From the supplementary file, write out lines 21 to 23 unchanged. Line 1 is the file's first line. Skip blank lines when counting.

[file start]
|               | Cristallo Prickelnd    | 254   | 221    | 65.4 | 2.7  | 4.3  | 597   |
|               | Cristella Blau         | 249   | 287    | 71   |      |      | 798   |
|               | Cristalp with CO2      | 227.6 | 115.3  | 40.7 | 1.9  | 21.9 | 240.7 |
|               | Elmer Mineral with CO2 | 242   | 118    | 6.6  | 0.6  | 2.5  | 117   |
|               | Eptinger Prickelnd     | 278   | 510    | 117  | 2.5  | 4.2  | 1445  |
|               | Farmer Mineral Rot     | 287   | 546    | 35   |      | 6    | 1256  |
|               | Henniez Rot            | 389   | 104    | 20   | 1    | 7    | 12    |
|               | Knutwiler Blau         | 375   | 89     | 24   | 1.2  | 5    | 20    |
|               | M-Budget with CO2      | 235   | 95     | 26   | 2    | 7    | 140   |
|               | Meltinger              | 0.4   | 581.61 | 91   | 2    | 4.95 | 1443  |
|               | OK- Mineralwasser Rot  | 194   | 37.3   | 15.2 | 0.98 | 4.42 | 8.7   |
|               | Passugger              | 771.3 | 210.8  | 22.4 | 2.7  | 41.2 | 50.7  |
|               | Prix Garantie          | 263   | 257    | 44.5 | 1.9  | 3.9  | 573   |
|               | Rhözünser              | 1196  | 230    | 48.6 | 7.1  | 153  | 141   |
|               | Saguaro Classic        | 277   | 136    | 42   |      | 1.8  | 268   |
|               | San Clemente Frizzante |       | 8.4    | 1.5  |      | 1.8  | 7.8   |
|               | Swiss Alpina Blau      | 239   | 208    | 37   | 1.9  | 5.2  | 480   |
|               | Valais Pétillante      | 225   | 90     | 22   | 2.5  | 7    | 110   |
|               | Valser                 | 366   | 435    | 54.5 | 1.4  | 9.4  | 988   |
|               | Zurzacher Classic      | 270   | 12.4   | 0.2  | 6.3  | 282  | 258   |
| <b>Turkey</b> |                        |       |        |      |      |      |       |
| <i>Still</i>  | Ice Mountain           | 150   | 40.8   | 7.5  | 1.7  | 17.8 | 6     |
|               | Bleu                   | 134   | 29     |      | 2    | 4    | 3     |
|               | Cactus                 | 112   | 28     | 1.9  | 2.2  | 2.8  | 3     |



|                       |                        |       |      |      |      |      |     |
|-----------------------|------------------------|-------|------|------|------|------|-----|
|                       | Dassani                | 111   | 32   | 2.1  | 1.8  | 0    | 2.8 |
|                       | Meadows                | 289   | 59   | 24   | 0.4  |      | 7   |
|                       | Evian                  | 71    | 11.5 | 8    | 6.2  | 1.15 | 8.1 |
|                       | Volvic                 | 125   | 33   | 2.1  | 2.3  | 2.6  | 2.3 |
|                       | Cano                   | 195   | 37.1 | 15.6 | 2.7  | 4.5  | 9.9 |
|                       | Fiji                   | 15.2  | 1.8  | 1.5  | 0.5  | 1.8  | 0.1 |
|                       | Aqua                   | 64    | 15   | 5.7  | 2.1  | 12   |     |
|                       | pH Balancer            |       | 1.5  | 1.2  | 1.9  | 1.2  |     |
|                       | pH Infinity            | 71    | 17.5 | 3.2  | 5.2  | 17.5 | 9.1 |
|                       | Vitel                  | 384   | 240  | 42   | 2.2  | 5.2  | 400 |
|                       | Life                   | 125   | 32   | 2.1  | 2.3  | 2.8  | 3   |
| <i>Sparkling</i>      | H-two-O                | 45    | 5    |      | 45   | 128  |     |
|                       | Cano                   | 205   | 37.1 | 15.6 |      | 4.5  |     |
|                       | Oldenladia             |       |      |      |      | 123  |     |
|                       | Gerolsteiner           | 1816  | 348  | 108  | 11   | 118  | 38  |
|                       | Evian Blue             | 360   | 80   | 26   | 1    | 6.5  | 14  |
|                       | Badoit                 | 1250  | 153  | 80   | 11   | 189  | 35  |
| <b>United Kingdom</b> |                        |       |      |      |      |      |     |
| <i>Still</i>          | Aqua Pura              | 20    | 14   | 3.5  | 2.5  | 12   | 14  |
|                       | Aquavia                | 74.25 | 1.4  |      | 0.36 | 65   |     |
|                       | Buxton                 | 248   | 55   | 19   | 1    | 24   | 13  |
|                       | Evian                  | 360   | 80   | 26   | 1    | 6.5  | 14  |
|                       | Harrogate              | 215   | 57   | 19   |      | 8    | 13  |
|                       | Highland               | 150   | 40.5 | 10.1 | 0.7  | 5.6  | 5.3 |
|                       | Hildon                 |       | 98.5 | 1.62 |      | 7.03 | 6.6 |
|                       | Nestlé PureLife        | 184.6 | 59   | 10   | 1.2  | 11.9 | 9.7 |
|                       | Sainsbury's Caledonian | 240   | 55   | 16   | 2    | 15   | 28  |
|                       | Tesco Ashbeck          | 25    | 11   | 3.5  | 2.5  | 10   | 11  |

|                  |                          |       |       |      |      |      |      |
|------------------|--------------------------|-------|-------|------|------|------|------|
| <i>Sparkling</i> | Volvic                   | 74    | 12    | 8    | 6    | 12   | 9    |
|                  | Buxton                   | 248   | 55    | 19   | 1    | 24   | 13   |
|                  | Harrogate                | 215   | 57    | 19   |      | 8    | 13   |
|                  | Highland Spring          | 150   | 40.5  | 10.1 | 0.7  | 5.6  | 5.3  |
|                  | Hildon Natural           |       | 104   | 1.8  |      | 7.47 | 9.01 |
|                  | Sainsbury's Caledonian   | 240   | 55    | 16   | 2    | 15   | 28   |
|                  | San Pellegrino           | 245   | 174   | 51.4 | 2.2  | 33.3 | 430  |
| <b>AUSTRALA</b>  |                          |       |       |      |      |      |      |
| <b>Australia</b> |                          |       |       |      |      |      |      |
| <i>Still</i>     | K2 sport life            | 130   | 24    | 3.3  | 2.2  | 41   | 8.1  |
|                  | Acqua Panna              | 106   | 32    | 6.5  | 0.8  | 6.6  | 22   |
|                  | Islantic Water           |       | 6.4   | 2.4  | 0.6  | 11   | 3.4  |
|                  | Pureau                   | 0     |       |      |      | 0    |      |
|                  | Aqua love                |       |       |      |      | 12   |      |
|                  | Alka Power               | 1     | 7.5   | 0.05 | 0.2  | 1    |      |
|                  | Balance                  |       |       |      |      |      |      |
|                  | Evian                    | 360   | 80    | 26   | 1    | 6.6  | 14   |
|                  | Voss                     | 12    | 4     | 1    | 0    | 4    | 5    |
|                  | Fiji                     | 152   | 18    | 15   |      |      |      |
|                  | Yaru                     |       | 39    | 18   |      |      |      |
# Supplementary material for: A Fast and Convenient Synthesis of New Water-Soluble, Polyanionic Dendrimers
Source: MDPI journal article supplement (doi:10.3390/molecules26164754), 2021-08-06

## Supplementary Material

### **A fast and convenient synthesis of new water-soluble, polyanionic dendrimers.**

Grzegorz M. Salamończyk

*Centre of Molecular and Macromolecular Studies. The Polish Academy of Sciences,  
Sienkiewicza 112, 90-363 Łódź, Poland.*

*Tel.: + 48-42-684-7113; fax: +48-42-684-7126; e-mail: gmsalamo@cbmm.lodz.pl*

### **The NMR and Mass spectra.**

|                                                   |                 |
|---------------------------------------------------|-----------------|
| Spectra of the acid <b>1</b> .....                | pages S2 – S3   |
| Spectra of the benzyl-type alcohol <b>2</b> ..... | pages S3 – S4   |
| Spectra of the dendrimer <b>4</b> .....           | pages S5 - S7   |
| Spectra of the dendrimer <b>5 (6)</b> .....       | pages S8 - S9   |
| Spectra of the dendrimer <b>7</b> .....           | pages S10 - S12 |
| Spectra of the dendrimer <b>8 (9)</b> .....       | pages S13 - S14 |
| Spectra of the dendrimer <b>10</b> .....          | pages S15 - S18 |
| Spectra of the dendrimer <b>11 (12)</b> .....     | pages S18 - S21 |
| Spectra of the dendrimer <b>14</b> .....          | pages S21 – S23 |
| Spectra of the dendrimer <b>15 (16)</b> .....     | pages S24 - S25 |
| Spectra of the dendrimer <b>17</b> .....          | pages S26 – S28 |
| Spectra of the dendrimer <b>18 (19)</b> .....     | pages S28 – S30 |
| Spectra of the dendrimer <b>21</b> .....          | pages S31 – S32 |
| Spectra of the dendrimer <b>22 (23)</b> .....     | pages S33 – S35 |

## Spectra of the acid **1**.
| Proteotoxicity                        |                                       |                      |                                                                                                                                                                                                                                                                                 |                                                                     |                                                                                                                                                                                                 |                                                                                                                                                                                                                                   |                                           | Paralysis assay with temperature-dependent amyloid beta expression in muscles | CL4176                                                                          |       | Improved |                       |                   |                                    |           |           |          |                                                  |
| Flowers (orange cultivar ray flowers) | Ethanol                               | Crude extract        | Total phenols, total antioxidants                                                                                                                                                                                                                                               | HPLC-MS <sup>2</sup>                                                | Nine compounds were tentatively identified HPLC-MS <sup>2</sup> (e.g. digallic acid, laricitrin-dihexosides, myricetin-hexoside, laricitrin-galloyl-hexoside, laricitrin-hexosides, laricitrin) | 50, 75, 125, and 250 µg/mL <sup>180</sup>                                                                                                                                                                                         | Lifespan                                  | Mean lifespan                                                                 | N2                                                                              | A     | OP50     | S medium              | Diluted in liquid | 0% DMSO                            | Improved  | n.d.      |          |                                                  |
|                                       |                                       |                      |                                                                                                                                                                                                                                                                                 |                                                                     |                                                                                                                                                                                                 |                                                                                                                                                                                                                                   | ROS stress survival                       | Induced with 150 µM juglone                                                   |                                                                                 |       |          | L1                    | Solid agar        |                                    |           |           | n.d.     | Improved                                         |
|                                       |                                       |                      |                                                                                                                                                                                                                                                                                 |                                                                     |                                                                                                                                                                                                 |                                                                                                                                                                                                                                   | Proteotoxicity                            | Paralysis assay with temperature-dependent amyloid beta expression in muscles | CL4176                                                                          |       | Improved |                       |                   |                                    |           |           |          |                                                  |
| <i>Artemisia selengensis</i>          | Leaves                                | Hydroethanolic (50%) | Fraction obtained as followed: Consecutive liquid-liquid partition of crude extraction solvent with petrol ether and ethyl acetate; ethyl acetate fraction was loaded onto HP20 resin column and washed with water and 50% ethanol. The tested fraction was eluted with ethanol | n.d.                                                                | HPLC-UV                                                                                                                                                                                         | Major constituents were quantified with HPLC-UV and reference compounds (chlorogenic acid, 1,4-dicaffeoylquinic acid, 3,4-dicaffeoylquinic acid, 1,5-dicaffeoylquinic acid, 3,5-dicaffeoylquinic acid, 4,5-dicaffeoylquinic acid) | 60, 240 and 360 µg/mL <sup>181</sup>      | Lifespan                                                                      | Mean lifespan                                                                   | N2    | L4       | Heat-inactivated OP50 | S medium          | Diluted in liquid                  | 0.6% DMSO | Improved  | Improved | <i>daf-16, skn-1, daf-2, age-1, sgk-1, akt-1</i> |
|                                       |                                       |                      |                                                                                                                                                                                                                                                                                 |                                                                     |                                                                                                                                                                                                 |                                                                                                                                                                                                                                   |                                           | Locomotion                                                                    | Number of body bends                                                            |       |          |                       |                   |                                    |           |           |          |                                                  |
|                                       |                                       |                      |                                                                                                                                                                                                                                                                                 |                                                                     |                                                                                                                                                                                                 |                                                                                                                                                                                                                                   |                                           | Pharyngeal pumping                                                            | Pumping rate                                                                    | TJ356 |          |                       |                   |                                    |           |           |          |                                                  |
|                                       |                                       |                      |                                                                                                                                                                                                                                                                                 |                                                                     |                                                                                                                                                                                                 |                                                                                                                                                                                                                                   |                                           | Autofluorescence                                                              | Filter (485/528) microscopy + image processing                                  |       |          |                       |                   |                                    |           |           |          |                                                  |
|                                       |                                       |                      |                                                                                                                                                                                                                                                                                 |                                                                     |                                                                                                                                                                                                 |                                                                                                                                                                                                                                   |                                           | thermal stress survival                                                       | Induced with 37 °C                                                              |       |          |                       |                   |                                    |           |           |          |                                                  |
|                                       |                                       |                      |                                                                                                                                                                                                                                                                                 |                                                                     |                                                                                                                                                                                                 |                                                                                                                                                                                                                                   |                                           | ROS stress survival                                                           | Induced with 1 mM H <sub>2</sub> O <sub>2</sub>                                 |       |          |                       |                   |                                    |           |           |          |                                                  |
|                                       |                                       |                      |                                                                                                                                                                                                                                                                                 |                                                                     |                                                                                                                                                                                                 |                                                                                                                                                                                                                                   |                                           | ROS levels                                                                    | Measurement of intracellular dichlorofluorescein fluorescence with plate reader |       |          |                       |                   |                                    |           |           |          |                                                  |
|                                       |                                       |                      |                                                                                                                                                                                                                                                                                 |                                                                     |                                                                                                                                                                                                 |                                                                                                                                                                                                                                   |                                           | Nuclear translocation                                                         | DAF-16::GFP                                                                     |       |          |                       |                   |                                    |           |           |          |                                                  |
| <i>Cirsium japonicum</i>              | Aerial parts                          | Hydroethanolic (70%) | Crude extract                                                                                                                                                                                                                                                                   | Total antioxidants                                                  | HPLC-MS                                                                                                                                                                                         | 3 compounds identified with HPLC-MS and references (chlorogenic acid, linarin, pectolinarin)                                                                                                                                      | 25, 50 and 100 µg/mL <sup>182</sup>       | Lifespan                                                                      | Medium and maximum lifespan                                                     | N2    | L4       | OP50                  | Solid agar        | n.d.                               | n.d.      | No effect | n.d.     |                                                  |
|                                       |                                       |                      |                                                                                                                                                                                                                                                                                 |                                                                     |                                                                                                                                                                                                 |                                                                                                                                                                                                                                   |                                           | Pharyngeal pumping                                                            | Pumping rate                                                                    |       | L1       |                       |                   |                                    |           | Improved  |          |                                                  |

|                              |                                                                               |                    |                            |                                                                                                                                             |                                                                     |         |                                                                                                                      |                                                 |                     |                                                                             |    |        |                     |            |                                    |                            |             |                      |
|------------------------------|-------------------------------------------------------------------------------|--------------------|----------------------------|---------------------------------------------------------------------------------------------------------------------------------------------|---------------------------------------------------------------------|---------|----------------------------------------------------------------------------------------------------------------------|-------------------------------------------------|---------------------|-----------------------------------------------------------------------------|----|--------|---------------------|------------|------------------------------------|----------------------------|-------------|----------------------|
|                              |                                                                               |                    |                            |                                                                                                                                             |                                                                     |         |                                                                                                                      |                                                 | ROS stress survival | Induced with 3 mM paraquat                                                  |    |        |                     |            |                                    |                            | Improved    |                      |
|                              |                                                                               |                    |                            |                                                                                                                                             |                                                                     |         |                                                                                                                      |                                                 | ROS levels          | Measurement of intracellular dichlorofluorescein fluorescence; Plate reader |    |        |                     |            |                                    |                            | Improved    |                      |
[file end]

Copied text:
| <b>Turkey</b> |                        |       |        |      |      |      |       |
| <i>Still</i>  | Ice Mountain           | 150   | 40.8   | 7.5  | 1.7  | 17.8 | 6     |
|               | Bleu                   | 134   | 29     |      | 2    | 4    | 3     |